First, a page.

The scope is not limited to home landscapes. It can also be used to create natural areas at neighborhood schools, in around office buildings, or in public areas. "The project is really catching on," Crain says. "We've had more than 20,000 people create accounts and there are almost 12,000 maps in our database. New users certainly won't be alone, there is a whole quiet revolution going on in people's yards, and we want to document it, share it, and make sure everyone is invited to the party."
Choosing plants carefully
As you choose plants for your landscape, Tallamy suggests keeping the lawn as small as possible. Essentially, he said, decide where your "traffic" areas are for walking through your yard and turn everything else into natural areas. In those areas, he suggests planting in vertical layers beginning with a floor of ground covers, moving up to woody shrubs that keep their stems in the winter and then on to a "ceiling" of trees and their overhanging branches.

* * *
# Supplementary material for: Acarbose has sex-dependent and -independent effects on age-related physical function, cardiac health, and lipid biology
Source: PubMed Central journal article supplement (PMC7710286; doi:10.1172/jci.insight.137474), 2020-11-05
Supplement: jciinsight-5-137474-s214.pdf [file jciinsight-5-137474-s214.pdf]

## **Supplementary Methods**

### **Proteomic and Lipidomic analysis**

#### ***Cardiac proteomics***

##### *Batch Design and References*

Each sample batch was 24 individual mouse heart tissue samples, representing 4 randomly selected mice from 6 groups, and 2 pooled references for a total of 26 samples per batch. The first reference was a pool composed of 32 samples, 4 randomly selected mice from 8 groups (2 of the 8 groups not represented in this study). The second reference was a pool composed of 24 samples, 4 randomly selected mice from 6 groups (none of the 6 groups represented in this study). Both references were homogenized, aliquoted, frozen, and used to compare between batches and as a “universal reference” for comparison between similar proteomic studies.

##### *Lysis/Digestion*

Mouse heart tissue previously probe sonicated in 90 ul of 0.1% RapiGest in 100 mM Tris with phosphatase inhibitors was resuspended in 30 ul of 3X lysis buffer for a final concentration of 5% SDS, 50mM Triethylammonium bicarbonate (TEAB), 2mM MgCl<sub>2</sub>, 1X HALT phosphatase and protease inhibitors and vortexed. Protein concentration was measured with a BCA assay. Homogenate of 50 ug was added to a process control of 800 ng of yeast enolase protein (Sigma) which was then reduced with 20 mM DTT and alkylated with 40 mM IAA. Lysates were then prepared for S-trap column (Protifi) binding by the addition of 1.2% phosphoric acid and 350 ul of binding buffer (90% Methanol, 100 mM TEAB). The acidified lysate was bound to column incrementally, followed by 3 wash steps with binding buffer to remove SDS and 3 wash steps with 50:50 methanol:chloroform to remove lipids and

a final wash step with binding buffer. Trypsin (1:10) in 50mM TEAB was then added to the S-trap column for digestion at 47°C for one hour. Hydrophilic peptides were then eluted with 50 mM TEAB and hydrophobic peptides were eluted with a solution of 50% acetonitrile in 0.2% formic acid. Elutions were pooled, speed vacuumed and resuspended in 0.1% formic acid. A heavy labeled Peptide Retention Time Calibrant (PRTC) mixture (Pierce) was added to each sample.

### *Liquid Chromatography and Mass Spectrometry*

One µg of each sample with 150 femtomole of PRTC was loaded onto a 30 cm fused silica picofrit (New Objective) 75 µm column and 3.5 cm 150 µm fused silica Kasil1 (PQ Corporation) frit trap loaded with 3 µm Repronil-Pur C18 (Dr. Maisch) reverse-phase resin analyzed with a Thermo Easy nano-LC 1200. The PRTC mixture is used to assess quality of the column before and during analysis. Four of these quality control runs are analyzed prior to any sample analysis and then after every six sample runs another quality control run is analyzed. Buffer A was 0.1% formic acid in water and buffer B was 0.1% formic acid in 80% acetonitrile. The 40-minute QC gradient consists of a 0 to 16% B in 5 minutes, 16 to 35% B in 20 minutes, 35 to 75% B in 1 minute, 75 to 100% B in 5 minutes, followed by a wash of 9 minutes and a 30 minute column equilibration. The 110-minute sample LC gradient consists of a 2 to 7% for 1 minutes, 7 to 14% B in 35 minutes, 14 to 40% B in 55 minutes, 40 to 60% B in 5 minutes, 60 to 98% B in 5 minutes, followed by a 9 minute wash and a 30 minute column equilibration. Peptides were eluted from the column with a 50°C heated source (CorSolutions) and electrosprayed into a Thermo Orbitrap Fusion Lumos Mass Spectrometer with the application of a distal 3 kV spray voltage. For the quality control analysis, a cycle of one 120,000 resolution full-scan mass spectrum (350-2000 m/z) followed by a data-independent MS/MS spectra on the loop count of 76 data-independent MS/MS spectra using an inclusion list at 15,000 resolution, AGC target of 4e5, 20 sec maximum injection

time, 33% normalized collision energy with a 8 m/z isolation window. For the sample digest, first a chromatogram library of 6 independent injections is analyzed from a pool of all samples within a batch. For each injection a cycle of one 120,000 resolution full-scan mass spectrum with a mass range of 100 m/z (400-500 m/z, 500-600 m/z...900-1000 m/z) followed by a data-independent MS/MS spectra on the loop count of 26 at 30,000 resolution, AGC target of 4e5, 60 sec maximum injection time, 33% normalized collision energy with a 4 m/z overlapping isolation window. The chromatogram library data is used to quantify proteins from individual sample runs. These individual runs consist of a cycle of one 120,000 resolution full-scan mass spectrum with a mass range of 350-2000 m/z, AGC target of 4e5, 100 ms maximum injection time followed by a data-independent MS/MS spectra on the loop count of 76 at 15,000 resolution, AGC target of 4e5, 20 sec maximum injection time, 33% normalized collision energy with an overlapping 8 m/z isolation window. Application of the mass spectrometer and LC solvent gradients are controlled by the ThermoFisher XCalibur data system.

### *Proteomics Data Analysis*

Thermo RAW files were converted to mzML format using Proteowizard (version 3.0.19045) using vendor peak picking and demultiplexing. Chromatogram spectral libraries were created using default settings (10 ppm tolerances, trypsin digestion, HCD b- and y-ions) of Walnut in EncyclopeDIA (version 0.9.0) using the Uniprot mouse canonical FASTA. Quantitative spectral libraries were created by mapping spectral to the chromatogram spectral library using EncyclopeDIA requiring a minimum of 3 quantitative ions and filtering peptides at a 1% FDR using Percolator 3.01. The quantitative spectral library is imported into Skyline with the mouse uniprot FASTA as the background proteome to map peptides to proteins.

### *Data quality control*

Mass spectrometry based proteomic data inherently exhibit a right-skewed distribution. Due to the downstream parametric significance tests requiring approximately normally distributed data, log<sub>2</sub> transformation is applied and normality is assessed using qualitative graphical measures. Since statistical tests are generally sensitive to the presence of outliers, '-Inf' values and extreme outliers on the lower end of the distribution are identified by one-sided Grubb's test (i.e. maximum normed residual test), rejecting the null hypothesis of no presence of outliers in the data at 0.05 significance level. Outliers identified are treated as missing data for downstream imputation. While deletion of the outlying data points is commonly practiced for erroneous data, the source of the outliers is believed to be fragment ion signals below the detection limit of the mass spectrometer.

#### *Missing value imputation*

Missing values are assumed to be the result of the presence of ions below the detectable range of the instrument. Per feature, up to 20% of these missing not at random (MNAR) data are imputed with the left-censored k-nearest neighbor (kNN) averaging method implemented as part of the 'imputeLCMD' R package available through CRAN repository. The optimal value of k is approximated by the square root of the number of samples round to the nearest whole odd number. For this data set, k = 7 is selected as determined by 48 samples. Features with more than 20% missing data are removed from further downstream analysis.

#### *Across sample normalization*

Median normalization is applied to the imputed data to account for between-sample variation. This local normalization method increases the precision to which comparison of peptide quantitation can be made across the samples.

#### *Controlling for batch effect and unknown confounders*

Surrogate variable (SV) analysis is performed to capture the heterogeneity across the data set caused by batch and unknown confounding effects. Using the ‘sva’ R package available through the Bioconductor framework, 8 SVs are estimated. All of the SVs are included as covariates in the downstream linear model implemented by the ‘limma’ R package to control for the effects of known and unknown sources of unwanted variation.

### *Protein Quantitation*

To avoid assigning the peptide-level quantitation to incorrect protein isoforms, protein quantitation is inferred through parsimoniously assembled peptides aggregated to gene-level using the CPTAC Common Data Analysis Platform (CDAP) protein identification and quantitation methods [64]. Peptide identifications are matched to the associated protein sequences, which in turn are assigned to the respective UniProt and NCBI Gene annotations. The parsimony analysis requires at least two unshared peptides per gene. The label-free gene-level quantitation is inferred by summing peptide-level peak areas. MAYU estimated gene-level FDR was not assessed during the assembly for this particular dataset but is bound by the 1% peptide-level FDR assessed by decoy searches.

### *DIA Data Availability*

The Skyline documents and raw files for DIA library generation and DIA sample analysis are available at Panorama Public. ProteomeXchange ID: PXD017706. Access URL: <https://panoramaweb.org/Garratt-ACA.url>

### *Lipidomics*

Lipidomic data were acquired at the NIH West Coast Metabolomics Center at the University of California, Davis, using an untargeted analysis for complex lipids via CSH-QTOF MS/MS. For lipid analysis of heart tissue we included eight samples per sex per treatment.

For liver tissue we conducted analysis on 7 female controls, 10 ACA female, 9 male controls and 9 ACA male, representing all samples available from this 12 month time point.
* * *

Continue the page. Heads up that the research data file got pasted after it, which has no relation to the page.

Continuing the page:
And he says, don’t make a mistake he often sees in residential landscapes. "Most people think the plants you need to attract birds are only plants that produce seeds and berries," he said. That’s not the case.
"Insects are such specialists," he said, "that 90 percent of them will only eat and reproduce on plants with which they have an evolutionary history." He cites milkweed, red cedar, junipers, sycamores, beeches, and oaks as examples. "This specialization is a curse because we are eliminating these plants from our landscapes."